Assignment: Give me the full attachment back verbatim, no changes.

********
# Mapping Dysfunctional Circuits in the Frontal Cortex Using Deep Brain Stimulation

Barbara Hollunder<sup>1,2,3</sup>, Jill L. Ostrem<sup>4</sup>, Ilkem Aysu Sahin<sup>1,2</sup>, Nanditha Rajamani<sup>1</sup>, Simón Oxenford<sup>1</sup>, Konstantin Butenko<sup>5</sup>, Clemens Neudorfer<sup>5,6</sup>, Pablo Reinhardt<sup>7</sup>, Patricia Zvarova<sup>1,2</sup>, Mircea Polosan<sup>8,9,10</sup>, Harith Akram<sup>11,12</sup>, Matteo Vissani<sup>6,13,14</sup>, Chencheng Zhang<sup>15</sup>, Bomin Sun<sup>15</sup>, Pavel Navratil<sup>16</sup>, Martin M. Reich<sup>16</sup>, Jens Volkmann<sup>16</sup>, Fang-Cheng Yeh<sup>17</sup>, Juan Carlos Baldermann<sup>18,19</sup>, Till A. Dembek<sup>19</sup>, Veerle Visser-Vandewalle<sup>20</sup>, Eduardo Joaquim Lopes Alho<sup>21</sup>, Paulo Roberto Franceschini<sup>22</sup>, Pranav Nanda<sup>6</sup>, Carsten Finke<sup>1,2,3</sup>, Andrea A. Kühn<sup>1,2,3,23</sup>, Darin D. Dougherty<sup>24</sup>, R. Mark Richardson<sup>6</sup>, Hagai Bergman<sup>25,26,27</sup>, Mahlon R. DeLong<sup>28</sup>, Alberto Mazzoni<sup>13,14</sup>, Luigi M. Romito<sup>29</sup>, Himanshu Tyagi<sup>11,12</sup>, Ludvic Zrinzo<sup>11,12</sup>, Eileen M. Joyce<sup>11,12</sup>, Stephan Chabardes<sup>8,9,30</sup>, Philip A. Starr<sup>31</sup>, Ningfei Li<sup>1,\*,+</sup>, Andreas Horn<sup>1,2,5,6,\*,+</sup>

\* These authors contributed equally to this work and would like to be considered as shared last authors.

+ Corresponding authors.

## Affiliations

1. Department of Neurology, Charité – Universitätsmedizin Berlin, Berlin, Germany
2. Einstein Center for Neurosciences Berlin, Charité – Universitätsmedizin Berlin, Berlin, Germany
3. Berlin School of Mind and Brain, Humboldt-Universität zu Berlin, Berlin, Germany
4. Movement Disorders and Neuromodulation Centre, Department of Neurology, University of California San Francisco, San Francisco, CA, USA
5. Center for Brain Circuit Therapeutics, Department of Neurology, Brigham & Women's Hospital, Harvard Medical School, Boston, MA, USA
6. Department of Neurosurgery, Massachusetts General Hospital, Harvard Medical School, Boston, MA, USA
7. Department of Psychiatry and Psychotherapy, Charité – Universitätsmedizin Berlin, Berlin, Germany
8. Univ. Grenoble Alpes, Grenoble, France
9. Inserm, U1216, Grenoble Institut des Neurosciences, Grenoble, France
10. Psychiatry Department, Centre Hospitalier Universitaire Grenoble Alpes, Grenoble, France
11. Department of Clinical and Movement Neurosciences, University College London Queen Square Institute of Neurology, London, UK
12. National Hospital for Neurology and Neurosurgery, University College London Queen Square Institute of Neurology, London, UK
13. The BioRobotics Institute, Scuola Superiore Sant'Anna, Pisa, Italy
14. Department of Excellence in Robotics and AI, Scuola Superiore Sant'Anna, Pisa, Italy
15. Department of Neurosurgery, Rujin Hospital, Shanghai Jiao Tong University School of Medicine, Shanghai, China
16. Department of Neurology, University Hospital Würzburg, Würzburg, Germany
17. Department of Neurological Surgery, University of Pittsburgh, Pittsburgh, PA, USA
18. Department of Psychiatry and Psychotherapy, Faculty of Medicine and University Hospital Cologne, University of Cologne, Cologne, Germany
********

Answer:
# Mapping Dysfunctional Circuits in the Frontal Cortex Using Deep Brain Stimulation

Barbara Hollunder<sup>1,2,3</sup>, Jill L. Ostrem<sup>4</sup>, Ilkem Aysu Sahin<sup>1,2</sup>, Nanditha Rajamani<sup>1</sup>, Simón Oxenford<sup>1</sup>, Konstantin Butenko<sup>5</sup>, Clemens Neudorfer<sup>5,6</sup>, Pablo Reinhardt<sup>7</sup>, Patricia Zvarova<sup>1,2</sup>, Mircea Polosan<sup>8,9,10</sup>, Harith Akram<sup>11,12</sup>, Matteo Vissani<sup>6,13,14</sup>, Chencheng Zhang<sup>15</sup>, Bomin Sun<sup>15</sup>, Pavel Navratil<sup>16</sup>, Martin M. Reich<sup>16</sup>, Jens Volkmann<sup>16</sup>, Fang-Cheng Yeh<sup>17</sup>, Juan Carlos Baldermann<sup>18,19</sup>, Till A. Dembek<sup>19</sup>, Veerle Visser-Vandewalle<sup>20</sup>, Eduardo Joaquim Lopes Alho<sup>21</sup>, Paulo Roberto Franceschini<sup>22</sup>, Pranav Nanda<sup>6</sup>, Carsten Finke<sup>1,2,3</sup>, Andrea A. Kühn<sup>1,2,3,23</sup>, Darin D. Dougherty<sup>24</sup>, R. Mark Richardson<sup>6</sup>, Hagai Bergman<sup>25,26,27</sup>, Mahlon R. DeLong<sup>28</sup>, Alberto Mazzoni<sup>13,14</sup>, Luigi M. Romito<sup>29</sup>, Himanshu Tyagi<sup>11,12</sup>, Ludvic Zrinzo<sup>11,12</sup>, Eileen M. Joyce<sup>11,12</sup>, Stephan Chabardes<sup>8,9,30</sup>, Philip A. Starr<sup>31</sup>, Ningfei Li<sup>1,\*,+</sup>, Andreas Horn<sup>1,2,5,6,\*,+</sup>

\* These authors contributed equally to this work and would like to be considered as shared last authors.

+ Corresponding authors.

## Affiliations

1. Department of Neurology, Charité – Universitätsmedizin Berlin, Berlin, Germany
2. Einstein Center for Neurosciences Berlin, Charité – Universitätsmedizin Berlin, Berlin, Germany
3. Berlin School of Mind and Brain, Humboldt-Universität zu Berlin, Berlin, Germany
4. Movement Disorders and Neuromodulation Centre, Department of Neurology, University of California San Francisco, San Francisco, CA, USA
5. Center for Brain Circuit Therapeutics, Department of Neurology, Brigham & Women's Hospital, Harvard Medical School, Boston, MA, USA
6. Department of Neurosurgery, Massachusetts General Hospital, Harvard Medical School, Boston, MA, USA
7. Department of Psychiatry and Psychotherapy, Charité – Universitätsmedizin Berlin, Berlin, Germany
8. Univ. Grenoble Alpes, Grenoble, France
9. Inserm, U1216, Grenoble Institut des Neurosciences, Grenoble, France
10. Psychiatry Department, Centre Hospitalier Universitaire Grenoble Alpes, Grenoble, France
11. Department of Clinical and Movement Neurosciences, University College London Queen Square Institute of Neurology, London, UK
12. National Hospital for Neurology and Neurosurgery, University College London Queen Square Institute of Neurology, London, UK
13. The BioRobotics Institute, Scuola Superiore Sant'Anna, Pisa, Italy
14. Department of Excellence in Robotics and AI, Scuola Superiore Sant'Anna, Pisa, Italy
15. Department of Neurosurgery, Rujin Hospital, Shanghai Jiao Tong University School of Medicine, Shanghai, China
16. Department of Neurology, University Hospital Würzburg, Würzburg, Germany
17. Department of Neurological Surgery, University of Pittsburgh, Pittsburgh, PA, USA
18. Department of Psychiatry and Psychotherapy, Faculty of Medicine and University Hospital Cologne, University of Cologne, Cologne, Germany